I remember going to Sue Bird’s house on Long Island right before she came to UConn.
We sat in the kitchen with her mom Nancy, who pointed out the tree Sue used to climb outside the kitchen window, the pictures of little Sue at track meets, the plaque she won for shooting free throws when she was 6 years old.
Nancy was effusive; Sue was a quiet teenager. As the point guard of the No. 1-ranked girls high school team in the country, Christ the King, Bird was well-known in the high school and AAU circles in the New York City area, but in August of 1998 — long before social media existed — maybe not so much beyond that. Even during a trip to Gold’s Gym on the Jericho Turnpike, where Bird worked out the day we visited, the man behind the counter wanted to know why myself and a photographer were there.
“Where is she going to school?” he asked us. “What does she play?”
I wrote then of that Class of 2002, the one that would end their time at UConn with an undefeated season and the program’s third national title: “They will be besieged, scrutinized and adored by a legion of UConn basketball fans. Though they are from other states, they will be adopted by Connecticut. They will play in a national spotlight. Their lives will change.”
So it’s fitting that Bird, 41, now an iconic sports figure who trades bon mots with Larry Bird in commercials, was featured in the Sports Illustrated swimsuit issue and has been a high-profile advocate for social justice, was back in Connecticut Thursday, the day she announced she will retire from basketball at the end of the WNBA season. Connecticut long ago adopted Bird and her 2002 UConn teammates Swin Cash, Diana Taurasi, Tamika Williams (now Williams-Jeter) and Asjha Jones as its own.
Bird, whose Seattle Storm team will play the Connecticut Sun Friday night, played in the national spotlight with UConn and the Storm, winning four WNBA titles, and in the international spotlight with the Olympic team, where she and Taurasi won an five gold medals .
“People would say ‘ You played with Sue Bird?” Williams-Jeter said, laughing. “I say, ‘She’s still my little Birdie to me.’ ”
In April 2002 in San Antonio, Bird won her second NCAA championship with a team that was arguably one of the best ever in women’s college basketball. She had a career-high 26 points, to go with 11 assists in the Midwest Regional final against Old Dominion and was named the regional’s most outstanding player to help UConn get to the Final Four.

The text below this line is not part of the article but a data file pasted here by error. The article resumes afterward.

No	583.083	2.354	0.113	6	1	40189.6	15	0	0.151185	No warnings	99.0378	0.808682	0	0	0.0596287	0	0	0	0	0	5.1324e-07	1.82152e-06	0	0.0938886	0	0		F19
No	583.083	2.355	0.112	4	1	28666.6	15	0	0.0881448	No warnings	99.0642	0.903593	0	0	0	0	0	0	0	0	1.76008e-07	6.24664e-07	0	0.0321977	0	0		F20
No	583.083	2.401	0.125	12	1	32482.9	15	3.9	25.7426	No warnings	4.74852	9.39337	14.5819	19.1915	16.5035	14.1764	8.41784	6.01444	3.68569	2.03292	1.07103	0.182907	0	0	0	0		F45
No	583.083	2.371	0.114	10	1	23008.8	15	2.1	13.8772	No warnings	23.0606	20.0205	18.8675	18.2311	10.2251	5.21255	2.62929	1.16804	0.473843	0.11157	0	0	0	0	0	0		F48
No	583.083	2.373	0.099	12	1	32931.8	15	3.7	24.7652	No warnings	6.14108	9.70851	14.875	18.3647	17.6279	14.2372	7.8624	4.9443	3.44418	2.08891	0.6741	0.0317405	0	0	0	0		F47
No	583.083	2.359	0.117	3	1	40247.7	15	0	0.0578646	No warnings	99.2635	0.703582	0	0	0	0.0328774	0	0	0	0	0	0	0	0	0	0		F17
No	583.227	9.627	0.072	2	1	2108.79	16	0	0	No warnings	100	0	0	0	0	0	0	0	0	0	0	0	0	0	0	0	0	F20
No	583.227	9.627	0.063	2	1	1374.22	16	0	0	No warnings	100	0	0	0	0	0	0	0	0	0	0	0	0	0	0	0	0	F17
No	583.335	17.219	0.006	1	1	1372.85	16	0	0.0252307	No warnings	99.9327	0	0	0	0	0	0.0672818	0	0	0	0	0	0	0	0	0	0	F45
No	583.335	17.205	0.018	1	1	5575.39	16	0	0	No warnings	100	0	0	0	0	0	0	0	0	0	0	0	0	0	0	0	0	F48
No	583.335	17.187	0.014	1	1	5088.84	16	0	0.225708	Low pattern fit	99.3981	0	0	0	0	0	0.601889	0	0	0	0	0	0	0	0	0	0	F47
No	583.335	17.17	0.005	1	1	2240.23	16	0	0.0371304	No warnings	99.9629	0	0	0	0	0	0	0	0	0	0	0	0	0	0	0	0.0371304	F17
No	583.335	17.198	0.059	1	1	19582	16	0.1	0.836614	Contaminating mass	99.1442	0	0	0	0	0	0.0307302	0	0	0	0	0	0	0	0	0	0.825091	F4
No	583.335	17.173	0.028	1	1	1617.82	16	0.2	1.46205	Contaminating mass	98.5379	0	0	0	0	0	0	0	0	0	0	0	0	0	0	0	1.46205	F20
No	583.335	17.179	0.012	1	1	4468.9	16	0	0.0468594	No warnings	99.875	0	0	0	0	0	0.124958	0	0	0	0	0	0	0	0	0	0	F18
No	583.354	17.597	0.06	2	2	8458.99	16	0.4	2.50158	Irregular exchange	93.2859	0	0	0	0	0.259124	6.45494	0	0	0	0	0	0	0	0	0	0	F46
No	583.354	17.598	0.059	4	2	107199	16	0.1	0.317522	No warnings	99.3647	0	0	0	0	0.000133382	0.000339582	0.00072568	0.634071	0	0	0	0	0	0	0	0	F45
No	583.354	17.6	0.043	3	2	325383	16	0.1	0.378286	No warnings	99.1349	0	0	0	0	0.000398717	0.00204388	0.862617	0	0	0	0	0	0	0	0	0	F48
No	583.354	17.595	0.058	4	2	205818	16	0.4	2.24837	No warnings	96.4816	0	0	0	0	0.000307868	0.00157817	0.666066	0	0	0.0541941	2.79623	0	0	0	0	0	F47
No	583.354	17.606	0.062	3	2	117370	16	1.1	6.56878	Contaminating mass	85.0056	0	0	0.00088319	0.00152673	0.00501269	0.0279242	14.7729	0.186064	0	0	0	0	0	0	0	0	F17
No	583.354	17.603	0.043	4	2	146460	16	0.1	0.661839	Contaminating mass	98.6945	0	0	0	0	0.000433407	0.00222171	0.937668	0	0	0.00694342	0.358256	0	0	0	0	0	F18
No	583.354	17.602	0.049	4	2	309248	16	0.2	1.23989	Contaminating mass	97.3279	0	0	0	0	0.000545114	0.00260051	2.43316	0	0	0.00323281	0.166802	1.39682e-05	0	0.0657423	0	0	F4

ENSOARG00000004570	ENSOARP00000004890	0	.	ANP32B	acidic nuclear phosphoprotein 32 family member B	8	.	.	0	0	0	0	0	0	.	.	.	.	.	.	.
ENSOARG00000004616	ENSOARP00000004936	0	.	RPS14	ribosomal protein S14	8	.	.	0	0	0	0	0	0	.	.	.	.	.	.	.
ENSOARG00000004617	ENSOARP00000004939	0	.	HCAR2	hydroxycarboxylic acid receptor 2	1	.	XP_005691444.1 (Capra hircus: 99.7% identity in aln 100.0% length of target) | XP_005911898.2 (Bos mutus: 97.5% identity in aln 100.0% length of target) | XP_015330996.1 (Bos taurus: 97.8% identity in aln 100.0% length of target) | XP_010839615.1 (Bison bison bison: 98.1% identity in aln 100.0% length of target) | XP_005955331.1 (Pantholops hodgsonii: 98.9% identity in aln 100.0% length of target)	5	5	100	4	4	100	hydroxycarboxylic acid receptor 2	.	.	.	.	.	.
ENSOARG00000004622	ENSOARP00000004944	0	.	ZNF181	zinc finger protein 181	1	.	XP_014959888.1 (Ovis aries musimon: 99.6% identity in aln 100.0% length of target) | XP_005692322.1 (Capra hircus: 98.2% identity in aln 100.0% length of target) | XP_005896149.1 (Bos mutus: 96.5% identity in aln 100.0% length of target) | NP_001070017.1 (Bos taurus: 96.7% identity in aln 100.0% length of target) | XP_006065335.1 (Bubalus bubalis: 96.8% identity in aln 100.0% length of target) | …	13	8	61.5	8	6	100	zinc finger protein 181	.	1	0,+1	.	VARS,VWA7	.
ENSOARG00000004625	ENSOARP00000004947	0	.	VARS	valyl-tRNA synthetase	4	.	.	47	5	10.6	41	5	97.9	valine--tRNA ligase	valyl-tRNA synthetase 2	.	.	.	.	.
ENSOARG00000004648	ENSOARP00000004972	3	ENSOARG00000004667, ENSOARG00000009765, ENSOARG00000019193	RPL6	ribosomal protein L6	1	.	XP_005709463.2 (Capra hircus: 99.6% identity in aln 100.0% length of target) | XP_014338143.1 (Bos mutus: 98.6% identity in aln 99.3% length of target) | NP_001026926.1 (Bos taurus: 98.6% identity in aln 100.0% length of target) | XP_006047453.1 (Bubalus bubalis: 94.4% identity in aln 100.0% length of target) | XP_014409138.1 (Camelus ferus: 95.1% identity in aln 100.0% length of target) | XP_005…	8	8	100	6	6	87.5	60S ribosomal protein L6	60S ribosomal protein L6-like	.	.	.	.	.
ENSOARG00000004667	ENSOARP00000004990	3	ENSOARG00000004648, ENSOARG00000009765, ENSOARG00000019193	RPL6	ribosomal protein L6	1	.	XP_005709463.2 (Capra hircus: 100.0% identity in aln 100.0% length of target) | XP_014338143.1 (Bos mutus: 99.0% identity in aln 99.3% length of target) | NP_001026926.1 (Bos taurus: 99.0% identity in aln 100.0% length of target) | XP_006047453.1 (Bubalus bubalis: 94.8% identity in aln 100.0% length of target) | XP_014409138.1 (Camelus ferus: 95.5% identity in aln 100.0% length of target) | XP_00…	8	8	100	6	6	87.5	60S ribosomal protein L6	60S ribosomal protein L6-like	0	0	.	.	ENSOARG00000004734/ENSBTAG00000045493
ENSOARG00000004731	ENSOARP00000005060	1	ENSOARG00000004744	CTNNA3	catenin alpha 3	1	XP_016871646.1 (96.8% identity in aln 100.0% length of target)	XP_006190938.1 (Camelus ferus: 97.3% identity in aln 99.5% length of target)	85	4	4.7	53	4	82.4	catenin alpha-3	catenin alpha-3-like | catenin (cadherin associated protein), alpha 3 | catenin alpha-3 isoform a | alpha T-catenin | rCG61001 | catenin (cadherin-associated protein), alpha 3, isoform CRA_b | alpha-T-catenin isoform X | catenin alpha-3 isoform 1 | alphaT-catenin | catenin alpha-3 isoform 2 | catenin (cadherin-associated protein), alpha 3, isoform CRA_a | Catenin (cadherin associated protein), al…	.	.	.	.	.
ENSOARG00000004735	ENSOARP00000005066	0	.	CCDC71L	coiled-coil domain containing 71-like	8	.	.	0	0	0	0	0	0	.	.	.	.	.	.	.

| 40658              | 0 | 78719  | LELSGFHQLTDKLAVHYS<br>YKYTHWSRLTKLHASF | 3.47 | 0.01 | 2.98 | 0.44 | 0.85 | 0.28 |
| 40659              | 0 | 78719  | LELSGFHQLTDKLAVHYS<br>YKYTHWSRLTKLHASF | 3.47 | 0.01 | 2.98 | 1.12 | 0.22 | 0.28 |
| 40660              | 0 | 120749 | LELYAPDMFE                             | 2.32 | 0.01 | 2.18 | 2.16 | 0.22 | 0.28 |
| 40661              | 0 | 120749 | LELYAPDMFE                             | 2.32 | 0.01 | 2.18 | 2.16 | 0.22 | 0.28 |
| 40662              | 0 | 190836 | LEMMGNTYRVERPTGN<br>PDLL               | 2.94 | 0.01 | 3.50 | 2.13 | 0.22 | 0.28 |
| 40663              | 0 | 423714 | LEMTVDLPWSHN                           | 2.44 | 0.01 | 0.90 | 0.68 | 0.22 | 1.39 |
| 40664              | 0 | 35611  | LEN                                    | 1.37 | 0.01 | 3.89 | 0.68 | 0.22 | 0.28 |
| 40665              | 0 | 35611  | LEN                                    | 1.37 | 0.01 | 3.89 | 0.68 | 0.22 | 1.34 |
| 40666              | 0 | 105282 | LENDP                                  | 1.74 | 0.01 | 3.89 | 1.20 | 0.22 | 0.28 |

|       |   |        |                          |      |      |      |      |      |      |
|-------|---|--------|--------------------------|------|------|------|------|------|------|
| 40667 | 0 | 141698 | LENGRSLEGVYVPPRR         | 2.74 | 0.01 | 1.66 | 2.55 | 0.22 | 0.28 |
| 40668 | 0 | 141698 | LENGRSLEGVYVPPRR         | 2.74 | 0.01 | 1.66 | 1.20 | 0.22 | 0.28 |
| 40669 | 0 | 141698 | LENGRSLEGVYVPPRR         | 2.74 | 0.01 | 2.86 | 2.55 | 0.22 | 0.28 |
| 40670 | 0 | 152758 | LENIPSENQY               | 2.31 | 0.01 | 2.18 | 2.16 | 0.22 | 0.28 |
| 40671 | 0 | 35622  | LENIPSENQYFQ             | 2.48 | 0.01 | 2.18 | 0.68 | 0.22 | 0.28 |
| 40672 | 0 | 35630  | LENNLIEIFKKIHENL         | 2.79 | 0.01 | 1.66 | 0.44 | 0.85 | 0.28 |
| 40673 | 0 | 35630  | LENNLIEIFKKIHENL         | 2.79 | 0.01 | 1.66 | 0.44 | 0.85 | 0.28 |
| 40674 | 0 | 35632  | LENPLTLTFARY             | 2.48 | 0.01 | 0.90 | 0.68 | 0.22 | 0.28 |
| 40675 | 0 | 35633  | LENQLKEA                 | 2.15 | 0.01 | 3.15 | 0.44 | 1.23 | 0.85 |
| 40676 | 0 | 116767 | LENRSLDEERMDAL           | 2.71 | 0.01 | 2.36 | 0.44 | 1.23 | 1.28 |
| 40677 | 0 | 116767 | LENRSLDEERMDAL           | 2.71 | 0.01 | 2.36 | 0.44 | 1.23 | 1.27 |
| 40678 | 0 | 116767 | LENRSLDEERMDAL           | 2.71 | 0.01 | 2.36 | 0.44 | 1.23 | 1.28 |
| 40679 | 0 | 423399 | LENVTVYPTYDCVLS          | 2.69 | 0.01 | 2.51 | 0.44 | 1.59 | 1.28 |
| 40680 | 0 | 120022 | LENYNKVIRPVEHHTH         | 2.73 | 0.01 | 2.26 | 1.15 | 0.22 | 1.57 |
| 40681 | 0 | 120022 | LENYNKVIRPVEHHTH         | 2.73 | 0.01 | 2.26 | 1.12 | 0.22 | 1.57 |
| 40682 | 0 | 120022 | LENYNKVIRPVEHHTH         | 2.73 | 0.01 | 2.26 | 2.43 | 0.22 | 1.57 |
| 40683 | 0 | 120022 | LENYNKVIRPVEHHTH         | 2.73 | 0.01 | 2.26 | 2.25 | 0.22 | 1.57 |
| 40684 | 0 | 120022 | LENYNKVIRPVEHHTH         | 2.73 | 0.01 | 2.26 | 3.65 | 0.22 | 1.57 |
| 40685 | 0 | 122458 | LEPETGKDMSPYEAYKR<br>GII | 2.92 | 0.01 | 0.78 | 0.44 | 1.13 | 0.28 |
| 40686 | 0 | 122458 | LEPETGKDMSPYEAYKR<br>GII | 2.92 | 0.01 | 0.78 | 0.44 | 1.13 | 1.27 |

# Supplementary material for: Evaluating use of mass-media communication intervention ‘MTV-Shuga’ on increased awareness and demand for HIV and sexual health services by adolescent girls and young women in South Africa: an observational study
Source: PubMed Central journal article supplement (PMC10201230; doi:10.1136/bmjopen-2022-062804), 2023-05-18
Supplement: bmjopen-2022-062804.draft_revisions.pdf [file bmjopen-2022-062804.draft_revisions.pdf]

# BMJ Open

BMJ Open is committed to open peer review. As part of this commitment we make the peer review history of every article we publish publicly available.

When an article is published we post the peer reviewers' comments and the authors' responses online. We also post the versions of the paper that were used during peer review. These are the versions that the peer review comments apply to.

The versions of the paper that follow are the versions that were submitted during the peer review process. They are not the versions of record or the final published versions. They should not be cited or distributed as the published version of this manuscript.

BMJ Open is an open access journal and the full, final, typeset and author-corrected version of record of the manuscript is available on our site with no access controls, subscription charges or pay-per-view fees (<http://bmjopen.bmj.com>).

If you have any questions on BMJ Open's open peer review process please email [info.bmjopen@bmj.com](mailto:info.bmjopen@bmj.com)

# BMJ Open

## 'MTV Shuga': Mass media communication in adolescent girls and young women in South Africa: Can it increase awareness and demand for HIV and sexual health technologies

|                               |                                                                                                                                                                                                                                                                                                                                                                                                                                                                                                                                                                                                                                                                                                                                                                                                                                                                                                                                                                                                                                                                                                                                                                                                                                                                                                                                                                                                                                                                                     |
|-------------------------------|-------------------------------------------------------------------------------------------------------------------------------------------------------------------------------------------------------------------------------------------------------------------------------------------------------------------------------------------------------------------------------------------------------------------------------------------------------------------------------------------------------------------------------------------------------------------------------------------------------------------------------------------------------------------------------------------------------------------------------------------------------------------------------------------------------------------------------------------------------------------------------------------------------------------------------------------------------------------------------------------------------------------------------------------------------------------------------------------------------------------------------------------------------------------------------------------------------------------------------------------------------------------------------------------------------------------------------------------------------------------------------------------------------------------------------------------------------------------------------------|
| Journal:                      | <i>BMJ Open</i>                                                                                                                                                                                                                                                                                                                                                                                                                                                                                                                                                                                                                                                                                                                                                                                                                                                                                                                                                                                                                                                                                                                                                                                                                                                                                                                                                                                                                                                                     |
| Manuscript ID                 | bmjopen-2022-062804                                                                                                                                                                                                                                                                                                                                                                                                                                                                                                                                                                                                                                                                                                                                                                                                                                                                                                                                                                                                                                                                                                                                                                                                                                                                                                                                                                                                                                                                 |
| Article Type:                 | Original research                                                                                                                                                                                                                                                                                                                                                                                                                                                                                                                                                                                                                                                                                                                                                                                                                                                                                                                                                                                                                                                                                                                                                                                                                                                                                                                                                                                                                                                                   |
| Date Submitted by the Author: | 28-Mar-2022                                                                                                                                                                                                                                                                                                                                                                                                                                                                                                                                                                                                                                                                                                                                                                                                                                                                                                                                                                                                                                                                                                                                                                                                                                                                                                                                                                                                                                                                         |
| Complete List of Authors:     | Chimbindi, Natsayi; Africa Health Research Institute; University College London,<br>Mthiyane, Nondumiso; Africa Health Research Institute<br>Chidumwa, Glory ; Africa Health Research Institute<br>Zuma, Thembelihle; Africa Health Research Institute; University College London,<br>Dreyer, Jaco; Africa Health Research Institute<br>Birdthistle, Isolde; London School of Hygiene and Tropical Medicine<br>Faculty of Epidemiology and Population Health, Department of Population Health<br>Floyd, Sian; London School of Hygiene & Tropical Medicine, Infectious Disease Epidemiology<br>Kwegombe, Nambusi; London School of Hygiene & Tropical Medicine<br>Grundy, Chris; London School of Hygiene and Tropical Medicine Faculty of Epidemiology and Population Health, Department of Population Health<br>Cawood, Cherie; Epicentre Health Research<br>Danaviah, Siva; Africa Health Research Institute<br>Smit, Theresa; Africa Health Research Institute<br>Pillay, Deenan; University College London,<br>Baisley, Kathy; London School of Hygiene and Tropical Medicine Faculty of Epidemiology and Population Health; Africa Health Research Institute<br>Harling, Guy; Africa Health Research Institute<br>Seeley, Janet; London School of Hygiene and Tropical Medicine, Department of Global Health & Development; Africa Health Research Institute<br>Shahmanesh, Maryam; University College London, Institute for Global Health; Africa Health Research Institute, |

“Thank God there’s a WNBA and we can all watch her play at the next level,” ODU coach Wendy Larry said that day.
Her mother told us stories that day in August 1998 about how little Susie hated to lose. How she was in a relay race at age 6 and her teammate botched the baton handoff and Sue took the baton and threw it on the ground. When another mother asked whose little girl that was, Nancy deadpanned, “I don’t know.”
Fittingly, in Bird’s senior year, the Huskies would not lose, capping off a 39-0 season with an 82-70 win over Oklahoma in the championship game at the Alamodome.
“Jubilations!” Williams-Jeter screamed to the crowd of 29,619 fans.
What I remember most from that Easter Day back in 2002 was when the giant flag that flew over the World Trade Center on Sept. 11, 2001 was unfurled on the floor during the pregame ceremonies. Bird and Cash helped hold the flag as the national anthem played and Bird, a New Yorker born and bred, looked down at the flag and bit her lip.
It had been a long road to get there. She had torn her ACL in practice in December of 1998 during her freshman year. UConn didn’t make it to the Final Four that year. In 2000, the Huskies won it in Philadelphia. In 2001, though Bird saved the day with a last-second shot to beat Notre Dame in the Big East championship game, they were snake bit with injuries and lost to the Irish in the national semifinal game in St. Louis.
“When I first met Sue on campus, she was totally New York to me, her accent, soft-spoken voice, really nice, very respectful,” said Williams-Jeter Thursday. “She had a way about her, like a coolness.
“After she tore her ACL – they say you can go up or down after an injury like that – and I remembered Sue transformed. Not only her body, she got stronger, but I remember her mentality changed. Before, she was this little meek [person], trying to direct us and get us in order, but now she had no more time to waste. She was next level and she was demanding it from us.
“She’s somebody who went all the way to the top in so many ways.”
And so in 2002, they did it again. Over four years, the seniors had won 55 of 57 games at home. In their last game at Gambel Pavilion, an 86-48 win over Iowa in the NCAA Tournament second round, about 2,000 fans stayed long after the game, stomping and cheering and waiting for Williams-Jeter, Cash, Bird and Jones to make an encore appearance, which they did.
“I won’t believe the history and undefeated part until I’m 35 or 36 years old,” said Williams-Jeter — now the women’s basketball coach at the University of Dayton — the night the Huskies won the title in 2002. When my kids are 7 and 8 years old, I’m going to tell them I played with some of the greatest players. I played with Sue Bird.”
I read her that quote Thursday.
“That is the absolute truth,” Williams-Jeter said. “Sue was everything.”
Lori Riley can be reached at firstname.lastname@example.org.